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University of Alberta (U of A) researchers have identified a key regulator that controls the speed of development in the fruit fly. When the researchers blocked the function of this regulator, animals sped up their rate of development and reached maturity much faster than normal.
The U of A research team, led by molecular geneticist Kirst King-Jones, noticed a peculiar behaviour of the protein they were studying, DHR4. The protein acted to either allow or prohibit the production of steroid hormones by moving periodically between the cell nucleus and the cytoplasm.
In insects, the pulses of these steroid hormones control the progression of the fruit fly's development through the various stages of their life cycle.
When the researchers blocked the function of DHR4 in the steroid hormone-producing cells, the maturation stage was reached 20 per cent faster than normal.
In human terms this would mean that sexual maturity would be reached years earlier than normal. In humans, steroid hormones play fundamental roles in the development of bodies and the onset of disease as well.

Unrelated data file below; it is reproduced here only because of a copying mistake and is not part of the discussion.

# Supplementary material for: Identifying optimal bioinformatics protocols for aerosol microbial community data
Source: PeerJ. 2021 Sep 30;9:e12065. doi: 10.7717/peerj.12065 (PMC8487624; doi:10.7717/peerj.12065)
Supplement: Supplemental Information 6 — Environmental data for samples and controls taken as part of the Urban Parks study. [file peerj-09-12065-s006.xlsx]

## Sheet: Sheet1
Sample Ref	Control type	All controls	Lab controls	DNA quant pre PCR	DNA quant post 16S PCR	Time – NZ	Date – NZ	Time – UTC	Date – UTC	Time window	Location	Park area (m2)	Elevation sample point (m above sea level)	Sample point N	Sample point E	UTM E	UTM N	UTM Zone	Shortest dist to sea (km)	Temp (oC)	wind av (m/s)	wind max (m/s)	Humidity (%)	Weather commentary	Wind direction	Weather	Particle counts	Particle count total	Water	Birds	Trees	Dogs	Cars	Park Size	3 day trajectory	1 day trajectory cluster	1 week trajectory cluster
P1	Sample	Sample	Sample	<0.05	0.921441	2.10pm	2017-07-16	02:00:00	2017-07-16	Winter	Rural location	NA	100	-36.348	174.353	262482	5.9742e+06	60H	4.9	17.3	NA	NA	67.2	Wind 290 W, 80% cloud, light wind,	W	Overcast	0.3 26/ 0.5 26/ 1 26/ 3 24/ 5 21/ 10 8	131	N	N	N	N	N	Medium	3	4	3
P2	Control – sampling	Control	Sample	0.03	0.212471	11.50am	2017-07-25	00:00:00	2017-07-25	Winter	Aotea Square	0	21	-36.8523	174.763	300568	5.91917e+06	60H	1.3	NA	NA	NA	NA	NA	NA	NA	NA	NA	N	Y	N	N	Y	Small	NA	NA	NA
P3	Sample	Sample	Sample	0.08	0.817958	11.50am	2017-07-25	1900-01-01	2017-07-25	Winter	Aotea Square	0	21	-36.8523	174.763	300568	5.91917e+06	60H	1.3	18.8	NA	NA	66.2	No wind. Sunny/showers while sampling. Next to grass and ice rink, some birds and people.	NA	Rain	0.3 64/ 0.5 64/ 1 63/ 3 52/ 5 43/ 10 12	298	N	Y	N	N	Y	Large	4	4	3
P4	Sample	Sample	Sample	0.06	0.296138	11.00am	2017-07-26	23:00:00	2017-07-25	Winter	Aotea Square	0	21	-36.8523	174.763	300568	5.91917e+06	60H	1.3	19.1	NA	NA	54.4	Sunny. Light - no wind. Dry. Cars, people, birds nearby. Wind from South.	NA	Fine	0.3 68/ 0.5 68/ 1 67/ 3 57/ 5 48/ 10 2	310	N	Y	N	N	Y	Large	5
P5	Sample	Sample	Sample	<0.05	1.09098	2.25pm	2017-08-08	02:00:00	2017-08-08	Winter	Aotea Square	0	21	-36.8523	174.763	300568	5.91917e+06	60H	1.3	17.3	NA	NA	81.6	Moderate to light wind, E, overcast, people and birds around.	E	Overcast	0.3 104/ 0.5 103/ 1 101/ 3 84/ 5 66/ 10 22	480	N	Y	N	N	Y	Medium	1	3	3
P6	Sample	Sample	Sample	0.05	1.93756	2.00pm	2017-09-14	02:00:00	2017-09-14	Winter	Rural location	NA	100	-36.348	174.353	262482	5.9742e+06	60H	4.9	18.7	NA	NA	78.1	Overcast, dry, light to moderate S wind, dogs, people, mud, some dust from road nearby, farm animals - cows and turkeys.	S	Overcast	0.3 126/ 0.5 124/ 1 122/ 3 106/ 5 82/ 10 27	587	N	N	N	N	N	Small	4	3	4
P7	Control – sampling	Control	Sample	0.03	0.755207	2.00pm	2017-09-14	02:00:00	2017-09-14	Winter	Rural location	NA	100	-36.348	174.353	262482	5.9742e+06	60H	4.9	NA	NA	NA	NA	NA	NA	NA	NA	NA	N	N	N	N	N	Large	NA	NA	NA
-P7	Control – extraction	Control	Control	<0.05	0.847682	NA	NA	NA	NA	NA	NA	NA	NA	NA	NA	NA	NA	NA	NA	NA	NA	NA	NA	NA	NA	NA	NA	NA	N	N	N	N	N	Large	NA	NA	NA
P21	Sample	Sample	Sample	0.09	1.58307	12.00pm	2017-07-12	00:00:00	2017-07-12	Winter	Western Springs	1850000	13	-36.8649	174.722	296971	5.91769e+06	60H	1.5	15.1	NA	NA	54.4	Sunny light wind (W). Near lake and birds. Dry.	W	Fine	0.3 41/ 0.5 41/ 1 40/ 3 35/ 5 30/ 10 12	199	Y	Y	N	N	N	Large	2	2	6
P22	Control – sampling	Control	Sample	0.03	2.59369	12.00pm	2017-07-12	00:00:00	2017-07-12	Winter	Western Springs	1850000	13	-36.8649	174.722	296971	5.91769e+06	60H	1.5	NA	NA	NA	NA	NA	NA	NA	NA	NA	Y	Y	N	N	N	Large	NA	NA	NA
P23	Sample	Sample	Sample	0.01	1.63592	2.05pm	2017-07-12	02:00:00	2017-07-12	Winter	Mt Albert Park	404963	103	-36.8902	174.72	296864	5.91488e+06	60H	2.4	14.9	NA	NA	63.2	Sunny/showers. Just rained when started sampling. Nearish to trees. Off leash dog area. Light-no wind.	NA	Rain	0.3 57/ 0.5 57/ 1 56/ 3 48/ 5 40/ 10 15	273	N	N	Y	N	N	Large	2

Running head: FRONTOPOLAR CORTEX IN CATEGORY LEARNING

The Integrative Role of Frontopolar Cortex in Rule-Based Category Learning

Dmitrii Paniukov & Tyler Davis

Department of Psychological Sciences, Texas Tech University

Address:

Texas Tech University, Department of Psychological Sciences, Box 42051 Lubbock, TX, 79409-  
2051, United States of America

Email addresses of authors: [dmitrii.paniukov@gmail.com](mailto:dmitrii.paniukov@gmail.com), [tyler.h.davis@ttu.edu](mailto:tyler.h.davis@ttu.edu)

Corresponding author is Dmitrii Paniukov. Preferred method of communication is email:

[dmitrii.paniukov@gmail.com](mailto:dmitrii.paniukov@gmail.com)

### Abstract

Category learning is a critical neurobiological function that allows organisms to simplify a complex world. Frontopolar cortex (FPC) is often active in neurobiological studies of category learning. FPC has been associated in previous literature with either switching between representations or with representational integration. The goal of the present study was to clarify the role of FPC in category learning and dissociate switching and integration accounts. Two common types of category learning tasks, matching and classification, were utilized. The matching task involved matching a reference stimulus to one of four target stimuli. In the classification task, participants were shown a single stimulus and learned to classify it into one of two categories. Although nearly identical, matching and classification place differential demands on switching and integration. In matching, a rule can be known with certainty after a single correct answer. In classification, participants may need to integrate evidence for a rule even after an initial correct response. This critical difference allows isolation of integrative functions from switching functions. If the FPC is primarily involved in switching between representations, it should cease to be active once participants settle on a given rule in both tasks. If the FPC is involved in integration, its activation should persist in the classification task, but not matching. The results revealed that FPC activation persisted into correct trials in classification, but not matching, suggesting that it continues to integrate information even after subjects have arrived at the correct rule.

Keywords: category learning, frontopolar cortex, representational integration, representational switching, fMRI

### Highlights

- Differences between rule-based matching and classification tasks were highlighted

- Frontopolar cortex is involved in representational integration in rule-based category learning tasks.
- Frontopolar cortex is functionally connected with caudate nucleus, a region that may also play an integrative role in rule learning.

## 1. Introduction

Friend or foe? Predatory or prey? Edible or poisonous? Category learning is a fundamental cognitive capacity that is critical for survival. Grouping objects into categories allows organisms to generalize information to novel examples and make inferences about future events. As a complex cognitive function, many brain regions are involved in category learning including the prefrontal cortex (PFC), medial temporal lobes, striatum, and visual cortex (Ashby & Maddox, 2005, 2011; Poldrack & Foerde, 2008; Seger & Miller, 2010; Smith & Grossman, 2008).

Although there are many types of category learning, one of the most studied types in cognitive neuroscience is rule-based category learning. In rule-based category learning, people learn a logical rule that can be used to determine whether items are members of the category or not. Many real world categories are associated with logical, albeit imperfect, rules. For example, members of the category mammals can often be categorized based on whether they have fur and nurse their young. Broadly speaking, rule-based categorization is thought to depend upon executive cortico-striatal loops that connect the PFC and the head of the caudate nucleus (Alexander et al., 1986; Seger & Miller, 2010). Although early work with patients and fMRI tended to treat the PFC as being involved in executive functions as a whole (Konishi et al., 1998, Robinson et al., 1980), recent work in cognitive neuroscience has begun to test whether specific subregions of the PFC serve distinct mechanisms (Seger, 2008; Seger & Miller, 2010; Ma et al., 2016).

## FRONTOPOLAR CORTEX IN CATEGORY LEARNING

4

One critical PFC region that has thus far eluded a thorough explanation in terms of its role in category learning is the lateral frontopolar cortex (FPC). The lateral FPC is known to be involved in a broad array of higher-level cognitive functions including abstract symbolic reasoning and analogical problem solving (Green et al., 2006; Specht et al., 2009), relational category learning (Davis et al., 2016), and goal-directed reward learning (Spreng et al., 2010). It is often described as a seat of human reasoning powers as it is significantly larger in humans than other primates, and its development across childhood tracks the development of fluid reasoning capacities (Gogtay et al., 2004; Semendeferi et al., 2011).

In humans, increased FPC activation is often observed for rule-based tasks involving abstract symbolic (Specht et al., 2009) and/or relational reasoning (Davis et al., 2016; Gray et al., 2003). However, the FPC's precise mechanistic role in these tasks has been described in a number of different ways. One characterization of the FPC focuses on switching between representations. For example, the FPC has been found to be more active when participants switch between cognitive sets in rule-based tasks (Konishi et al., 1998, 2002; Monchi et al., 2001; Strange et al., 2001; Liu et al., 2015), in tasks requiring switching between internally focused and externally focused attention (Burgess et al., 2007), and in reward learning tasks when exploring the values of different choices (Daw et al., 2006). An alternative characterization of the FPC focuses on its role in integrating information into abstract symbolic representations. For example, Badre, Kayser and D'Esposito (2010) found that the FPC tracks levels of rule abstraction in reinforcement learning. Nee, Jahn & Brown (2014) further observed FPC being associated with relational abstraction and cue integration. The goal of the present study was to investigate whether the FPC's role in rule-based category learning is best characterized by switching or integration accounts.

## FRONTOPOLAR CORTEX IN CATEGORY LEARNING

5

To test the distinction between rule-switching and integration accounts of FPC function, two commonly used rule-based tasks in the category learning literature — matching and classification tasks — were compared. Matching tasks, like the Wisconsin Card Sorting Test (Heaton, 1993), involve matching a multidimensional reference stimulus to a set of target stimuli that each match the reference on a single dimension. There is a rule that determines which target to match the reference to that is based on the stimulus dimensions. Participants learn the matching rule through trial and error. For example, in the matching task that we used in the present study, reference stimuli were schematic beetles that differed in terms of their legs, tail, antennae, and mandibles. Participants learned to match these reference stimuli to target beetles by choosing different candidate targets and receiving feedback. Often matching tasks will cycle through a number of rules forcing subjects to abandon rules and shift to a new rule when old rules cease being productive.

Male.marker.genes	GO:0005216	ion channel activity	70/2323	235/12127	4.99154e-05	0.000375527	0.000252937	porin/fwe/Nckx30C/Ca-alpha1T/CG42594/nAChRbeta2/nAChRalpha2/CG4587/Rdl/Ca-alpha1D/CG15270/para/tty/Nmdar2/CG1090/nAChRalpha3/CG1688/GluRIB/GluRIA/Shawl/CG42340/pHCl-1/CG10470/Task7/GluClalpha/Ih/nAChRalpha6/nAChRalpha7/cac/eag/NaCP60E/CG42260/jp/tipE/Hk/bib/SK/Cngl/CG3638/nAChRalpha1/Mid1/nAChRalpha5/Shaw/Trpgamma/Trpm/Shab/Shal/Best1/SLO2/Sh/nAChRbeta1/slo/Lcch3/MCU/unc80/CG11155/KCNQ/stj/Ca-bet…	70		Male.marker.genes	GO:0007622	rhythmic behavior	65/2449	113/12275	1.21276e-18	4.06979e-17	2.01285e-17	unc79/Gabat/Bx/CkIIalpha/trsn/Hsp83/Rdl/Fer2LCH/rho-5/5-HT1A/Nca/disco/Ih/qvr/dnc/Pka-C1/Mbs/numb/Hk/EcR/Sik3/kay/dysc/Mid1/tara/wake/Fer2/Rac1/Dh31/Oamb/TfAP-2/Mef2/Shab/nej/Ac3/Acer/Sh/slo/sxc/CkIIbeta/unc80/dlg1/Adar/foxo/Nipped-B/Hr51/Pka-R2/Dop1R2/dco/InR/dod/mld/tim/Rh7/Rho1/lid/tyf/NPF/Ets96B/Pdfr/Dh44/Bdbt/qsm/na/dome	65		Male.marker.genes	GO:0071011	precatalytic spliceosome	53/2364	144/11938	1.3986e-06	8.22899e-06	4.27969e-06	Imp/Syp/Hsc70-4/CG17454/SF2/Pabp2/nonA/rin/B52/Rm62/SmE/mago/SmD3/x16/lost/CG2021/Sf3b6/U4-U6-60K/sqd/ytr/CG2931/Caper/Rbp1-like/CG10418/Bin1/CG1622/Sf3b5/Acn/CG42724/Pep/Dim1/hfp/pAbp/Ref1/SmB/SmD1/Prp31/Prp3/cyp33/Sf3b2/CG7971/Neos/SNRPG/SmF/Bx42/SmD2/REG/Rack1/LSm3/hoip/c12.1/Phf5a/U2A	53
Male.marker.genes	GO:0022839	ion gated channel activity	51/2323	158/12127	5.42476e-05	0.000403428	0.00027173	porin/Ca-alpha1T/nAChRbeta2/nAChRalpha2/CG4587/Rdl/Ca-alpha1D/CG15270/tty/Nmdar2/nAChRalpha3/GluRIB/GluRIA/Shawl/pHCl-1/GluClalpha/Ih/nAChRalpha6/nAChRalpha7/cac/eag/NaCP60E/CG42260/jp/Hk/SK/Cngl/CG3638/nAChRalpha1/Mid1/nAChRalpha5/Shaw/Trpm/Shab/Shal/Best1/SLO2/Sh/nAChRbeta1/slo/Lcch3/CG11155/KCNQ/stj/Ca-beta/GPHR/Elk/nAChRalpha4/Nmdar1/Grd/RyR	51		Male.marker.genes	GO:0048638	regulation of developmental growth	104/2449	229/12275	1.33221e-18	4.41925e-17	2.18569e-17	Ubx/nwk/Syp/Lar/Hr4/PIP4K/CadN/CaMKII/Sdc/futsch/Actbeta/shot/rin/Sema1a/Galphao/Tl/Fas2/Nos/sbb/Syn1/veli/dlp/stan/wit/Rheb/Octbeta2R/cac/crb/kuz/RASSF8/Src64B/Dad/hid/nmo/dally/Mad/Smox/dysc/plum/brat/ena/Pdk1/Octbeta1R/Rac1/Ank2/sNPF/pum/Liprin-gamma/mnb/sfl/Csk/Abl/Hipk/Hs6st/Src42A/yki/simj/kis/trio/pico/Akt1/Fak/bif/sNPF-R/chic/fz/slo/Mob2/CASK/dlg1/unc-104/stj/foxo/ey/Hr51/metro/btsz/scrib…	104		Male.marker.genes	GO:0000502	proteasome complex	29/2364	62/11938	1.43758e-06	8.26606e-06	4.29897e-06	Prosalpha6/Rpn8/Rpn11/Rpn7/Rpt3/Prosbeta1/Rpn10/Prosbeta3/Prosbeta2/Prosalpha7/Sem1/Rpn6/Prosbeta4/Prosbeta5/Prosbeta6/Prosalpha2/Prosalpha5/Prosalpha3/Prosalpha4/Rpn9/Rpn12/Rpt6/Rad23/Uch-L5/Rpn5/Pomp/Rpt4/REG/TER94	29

King-Jones says the U of A research defines a novel mechanism by which steroid hormone pulses are regulated.
Fruit flies are commonly used in genetic research labs to study fundamental biological processes important for human health.
The genes in many human diseases have a recognizable match in the genome of the fruit fly. For example, the fruit fly acts as a genetic model for diseases and neurodegenerative disorders such as Alzheimer's and Parkinson's disease. The fly is also a research tool for the study of obesity, diabetes and cancer.
Prior to this research, little was known about the controll of timing of steroid hormone pulses, and thereby the onset of maturation.
The U of A team's research was published online Sept. 27 in the journal PLoS Biology..
Original article: http://www.eurekalert.org/pub_releases/2011-09/uoa-cgf092811.php